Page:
New Features

  • panels may be turned off
  • various panel actions (move, resize, etc)
  • long file names are automagically shortened
  • new panels – “file properties” and “directory properties”
  • KFM is now themeable
  • KFM is no multilingual
  • various improvements to the code
  • various bug-fixes

The biggest feature in the above is the Multilingual ability.

Extreme thanks go out to Janich Rasmussen, who provided the Danish translation (demo), and wendwerfer (Thomas ?), who provided the German translation (demo) (and kickstarted the multilingual code by providing his languagepack!).

commented blocks of code

I was reading an article about maintainable JavaScript, and thought I’d comment on it about a method I use to keep my own JavaScript clean.

Although this is about JavaScript, the exact same trick works in PHP as well.

A method I use for commenting also helps me to create navigable code. I use vim for coding, which allows me to “fold” at the ‘{‘ mark, making blocks and functions into hierarchical trees.

A useful thing about this, is that you can then place your comment after the ‘{‘.

screenshot.png

For example, check out this code.

Scattered throughout the code, you can find blocks starting with “{ //“.

A handy thing about the {..} syntax, is that it doesn’t actually need to follow an if/function()/for() qualifier! This means that you can logically separate your code into blocks of contextually similar code.

kdevelop and other IDEs also allow you to fold at the'{‘ mark.

video demo of kfm selections

I was reading through blogs yesterday, and came across a post by Gilles Caulier describing Wink – a Tutorial and Presentation video creator.

Had to give it a go, so during my lunch hour, I whipped up a video demoing some selection methods in KFM.

th3 l0rdz pr4y3r

As prayed by Balor on #linux:

11:29 < balor> Will the priest appreciate this: Our Father, who 0wnz heaven, j00 r0ck!
11:29 < balor> May all 0ur base someday be belong to you!
11:29 < balor> May j00 0wn earth just like j00 0wn heaven.
11:29 < balor> Give us this day our warez, mp3z, and pr0n through a phat pipe.
11:29 < balor> And cut us some slack when we act like n00b lamerz, just as we teach
11:29 < balor> n00bz when they act lame on us.
11:29 < balor> Please don’t give us root access on some poor d00d’z box when we’re
11:29 < balor> too pissed off to think about what’s right and wrong, and if you could
11:29 < balor> keep the fbi off our backs, we’d appreciate it.
11:29 < balor> For j00 0wn r00t on all our b0x3s 4ever and ever, 4m3n.

adjusting filenames for icons

Last night, after a bit of discussion in the KFM bug tracker, I spent an hour or two coming up with an algorithm to shrink the centre of a filename so that the text did not cause its icon to stretch (demo).

before:

after:

I think the result is very clear, and the red ‘[…]‘ pretty obviously means that something is spliced out.

How it works

The icon is set to overflow-x:hidden and has a specified width. We get the value of that width, then reset the width to “auto”.

If its new rendered width is now less than the original, then the filename was fine – replace the width and go onto the next icon.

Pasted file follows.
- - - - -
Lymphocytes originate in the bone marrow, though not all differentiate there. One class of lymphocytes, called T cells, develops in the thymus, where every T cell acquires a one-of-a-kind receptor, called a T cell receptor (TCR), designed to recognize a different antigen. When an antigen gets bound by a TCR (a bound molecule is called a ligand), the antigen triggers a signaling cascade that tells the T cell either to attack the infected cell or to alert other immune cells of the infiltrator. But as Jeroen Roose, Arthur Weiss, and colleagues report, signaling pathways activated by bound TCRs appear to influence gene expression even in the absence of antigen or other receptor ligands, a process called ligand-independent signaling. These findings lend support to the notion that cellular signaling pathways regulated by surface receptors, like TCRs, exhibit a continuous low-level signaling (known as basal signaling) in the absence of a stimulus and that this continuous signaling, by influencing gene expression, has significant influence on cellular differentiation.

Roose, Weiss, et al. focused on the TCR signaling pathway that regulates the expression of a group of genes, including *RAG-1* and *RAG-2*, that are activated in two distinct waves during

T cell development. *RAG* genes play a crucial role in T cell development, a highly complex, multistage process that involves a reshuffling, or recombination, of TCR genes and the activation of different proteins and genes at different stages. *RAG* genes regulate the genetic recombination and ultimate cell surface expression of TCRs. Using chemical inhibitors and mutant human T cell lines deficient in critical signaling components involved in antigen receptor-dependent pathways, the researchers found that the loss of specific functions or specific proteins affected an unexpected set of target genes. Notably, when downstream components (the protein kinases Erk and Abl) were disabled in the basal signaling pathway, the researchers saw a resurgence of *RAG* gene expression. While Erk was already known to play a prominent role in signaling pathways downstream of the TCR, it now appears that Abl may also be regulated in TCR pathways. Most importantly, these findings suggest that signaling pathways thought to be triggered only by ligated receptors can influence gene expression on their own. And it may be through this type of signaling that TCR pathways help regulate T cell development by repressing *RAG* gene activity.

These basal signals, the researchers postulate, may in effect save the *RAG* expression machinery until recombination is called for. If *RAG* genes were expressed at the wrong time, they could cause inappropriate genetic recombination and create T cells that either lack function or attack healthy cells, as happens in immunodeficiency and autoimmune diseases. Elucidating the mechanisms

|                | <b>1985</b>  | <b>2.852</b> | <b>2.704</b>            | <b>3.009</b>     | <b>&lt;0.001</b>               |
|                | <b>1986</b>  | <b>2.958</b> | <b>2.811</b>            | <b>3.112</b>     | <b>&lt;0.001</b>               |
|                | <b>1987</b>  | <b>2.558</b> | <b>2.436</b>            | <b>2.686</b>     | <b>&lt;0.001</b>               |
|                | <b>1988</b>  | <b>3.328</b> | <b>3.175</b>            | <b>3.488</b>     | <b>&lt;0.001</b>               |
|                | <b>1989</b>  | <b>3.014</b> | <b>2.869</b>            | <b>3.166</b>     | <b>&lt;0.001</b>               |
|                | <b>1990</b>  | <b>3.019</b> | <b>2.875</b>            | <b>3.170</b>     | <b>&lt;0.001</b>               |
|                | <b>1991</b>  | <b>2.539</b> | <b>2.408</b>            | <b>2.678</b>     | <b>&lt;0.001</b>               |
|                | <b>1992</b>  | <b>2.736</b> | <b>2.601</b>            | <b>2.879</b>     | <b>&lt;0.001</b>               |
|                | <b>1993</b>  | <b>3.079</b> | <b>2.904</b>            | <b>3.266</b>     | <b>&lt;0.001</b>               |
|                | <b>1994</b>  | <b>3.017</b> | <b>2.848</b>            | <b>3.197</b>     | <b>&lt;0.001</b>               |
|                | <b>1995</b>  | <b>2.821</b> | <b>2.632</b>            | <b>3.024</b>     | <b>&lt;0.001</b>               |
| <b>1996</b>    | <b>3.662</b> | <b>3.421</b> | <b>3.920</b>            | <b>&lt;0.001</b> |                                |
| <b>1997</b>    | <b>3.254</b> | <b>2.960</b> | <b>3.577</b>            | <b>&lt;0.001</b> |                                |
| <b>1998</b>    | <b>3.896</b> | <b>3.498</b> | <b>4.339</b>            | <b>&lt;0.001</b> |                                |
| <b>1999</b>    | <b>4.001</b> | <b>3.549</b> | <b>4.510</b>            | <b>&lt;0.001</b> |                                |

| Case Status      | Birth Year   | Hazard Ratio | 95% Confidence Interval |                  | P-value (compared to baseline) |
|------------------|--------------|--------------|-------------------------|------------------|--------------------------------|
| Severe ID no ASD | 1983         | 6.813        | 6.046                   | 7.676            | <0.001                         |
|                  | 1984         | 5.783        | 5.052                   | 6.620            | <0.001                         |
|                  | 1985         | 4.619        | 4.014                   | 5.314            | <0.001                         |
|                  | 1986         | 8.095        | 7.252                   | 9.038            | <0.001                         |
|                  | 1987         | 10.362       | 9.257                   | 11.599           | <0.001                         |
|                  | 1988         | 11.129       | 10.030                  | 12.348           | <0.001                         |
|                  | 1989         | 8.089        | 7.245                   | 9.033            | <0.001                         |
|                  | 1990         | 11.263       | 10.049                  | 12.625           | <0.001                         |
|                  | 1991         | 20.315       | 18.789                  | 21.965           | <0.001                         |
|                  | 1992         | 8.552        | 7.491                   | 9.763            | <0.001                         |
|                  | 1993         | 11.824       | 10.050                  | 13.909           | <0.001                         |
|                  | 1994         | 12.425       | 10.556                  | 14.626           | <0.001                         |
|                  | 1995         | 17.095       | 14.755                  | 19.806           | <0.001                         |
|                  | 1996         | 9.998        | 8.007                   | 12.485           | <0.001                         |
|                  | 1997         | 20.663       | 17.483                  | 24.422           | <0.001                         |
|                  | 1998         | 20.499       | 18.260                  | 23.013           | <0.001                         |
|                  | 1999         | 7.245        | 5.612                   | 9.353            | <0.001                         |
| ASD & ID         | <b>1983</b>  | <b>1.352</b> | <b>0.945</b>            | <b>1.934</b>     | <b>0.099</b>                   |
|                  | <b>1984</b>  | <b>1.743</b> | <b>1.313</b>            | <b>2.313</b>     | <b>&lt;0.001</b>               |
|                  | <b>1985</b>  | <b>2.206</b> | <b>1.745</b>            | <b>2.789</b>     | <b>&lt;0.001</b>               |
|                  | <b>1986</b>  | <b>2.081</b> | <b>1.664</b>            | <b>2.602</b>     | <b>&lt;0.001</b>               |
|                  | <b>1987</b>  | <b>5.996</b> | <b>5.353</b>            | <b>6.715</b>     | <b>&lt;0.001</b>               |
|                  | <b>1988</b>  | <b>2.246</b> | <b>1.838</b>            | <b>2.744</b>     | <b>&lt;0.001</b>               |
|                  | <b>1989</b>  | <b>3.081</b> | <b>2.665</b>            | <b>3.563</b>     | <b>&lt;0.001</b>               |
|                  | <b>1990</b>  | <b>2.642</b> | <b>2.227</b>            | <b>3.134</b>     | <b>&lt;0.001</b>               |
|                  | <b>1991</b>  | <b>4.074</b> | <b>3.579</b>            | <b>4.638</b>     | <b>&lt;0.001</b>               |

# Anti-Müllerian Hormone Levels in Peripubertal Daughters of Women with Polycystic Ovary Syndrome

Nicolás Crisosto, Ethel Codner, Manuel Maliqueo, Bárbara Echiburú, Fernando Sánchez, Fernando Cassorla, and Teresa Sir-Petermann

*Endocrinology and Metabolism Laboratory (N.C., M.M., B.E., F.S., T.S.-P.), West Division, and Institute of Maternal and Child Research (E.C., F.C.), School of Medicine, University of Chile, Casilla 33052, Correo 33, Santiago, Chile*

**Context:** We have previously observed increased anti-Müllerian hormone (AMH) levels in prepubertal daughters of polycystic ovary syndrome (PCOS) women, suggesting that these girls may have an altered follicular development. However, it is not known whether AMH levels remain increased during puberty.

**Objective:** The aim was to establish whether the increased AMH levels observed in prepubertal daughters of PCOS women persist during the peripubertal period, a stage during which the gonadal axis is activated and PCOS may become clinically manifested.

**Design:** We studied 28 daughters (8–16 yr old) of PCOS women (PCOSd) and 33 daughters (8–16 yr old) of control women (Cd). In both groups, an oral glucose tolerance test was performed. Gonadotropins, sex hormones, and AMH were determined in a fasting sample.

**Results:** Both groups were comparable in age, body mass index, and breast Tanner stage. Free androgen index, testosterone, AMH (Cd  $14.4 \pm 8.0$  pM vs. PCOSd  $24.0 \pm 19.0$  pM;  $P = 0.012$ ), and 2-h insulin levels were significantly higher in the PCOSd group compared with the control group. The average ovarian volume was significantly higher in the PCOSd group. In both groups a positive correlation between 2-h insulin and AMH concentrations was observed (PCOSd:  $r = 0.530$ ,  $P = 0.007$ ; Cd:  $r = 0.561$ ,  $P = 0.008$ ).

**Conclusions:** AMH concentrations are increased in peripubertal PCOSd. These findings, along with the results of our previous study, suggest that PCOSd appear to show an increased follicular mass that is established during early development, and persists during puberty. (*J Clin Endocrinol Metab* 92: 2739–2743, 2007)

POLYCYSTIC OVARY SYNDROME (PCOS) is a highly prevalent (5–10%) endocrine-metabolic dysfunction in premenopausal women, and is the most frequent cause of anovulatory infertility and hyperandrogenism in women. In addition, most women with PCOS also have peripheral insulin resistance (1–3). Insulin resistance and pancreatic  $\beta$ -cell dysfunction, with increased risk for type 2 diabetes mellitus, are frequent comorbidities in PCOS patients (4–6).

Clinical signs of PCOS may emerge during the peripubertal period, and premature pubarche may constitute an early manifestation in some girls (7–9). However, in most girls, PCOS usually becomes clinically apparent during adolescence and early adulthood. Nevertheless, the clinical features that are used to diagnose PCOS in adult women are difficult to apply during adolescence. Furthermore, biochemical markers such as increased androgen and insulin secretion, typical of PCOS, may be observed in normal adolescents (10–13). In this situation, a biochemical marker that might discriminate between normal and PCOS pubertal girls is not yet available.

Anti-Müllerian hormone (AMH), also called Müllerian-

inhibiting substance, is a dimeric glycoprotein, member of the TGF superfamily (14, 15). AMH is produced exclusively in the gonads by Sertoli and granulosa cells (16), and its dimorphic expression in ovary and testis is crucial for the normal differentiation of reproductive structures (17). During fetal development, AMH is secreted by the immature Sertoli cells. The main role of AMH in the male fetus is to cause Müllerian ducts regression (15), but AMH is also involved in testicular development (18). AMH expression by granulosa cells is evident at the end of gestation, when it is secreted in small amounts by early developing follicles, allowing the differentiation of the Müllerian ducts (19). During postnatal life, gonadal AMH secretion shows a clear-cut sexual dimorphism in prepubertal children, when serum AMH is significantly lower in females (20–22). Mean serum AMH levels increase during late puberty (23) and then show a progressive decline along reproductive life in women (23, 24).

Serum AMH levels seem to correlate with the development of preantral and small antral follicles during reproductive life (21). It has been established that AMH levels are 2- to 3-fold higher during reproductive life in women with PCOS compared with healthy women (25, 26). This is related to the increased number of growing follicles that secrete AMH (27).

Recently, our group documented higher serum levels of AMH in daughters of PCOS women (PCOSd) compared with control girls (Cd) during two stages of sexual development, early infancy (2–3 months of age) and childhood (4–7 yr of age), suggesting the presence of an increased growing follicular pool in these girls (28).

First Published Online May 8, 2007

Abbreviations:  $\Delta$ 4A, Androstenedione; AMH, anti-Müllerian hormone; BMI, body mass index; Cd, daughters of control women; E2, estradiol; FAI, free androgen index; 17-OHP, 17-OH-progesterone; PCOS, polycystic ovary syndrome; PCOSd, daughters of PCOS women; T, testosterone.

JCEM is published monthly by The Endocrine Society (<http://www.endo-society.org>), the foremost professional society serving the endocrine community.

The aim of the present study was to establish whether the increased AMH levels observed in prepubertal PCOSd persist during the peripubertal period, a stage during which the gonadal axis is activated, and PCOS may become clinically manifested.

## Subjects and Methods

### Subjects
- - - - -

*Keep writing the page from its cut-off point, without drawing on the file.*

Otherwise, get the extension and the … part-of-the-filename-which-is-not-the-extension … hmm … pre-extension?

Go through a do...while loop which gradually removes the last character of the pre-extension, replaces the icon’s text with pre-extension+'[…]’+extension, and tests to see if that changes the width to within the allowed parameters.

Once the do...while loop has run its course, the icon’s width is then reset, and its title is changed to the original filename (see the tooltip in the above).

Tada!

For more coolness, please check out the KFM site.

KFM website created

A lot of discussion was had today about open source projects, both on the ILUG mailing list, and the #linux IRC channel.

I concentrated mostly on the questions that centred around my KFM project. Kevin Lyda had a lot of very good input.

KFM, at the moment, is open source. I have written it completely in my spare time, and, while my company has a certain claim over code that I write on this computer (which they provided to me), using this broadband connection (which they pay for), they are happy to let me have my fun for at least a few months, before we decide to use the KFM for an in-house project, at which time, I will probably not have the time to work on it externally as well.

So, in light of that, I am calling on all web developers out there to start using it NOW. Use it, comment on it, help to debug and improve it.

The more that the KFM is developed by other people, the more apparent it will become that, in order for the project to retain absolute top quality, it should remain open source.

After all, I am only one person, and I tend not to notice minor bugs if I can work around them! The project needs a lot of people looking at it. After all, “given enough eyeballs, all bugs are shallow”.

So, without further ado, I present kfm.verens.com.

kfm 0.2 for FCKeditor

Here’s the announcement I made on sourceforge and my bugtracker

I've put a little time into making this work with IE, so it's time
to throw it out to the wolves, to see if it survives.

Improvements:
 - multiple-selection using dragging
 - files may be used for FCKeditor by hitting the Enter key
 - drag-and-drop moving of files to directories
 - multiple file deletion
 - deletion using the Delete key
 - directory deletion
 - image resizing
 - image caption editing
 - shift-click multiple selection
 - contextmenu adapts based on single or multiple file selection
 - log of actions
 - file upload button only shows when needed.

An example of an FCKeditor with the KFM as a file browser:
http://demo.verens.com/fckeditor/2.3/_samples/default.html

The plugin itself:
http://demo.verens.com/fckeditor/2.3/editor/plugins/kfm-0.2.tbz2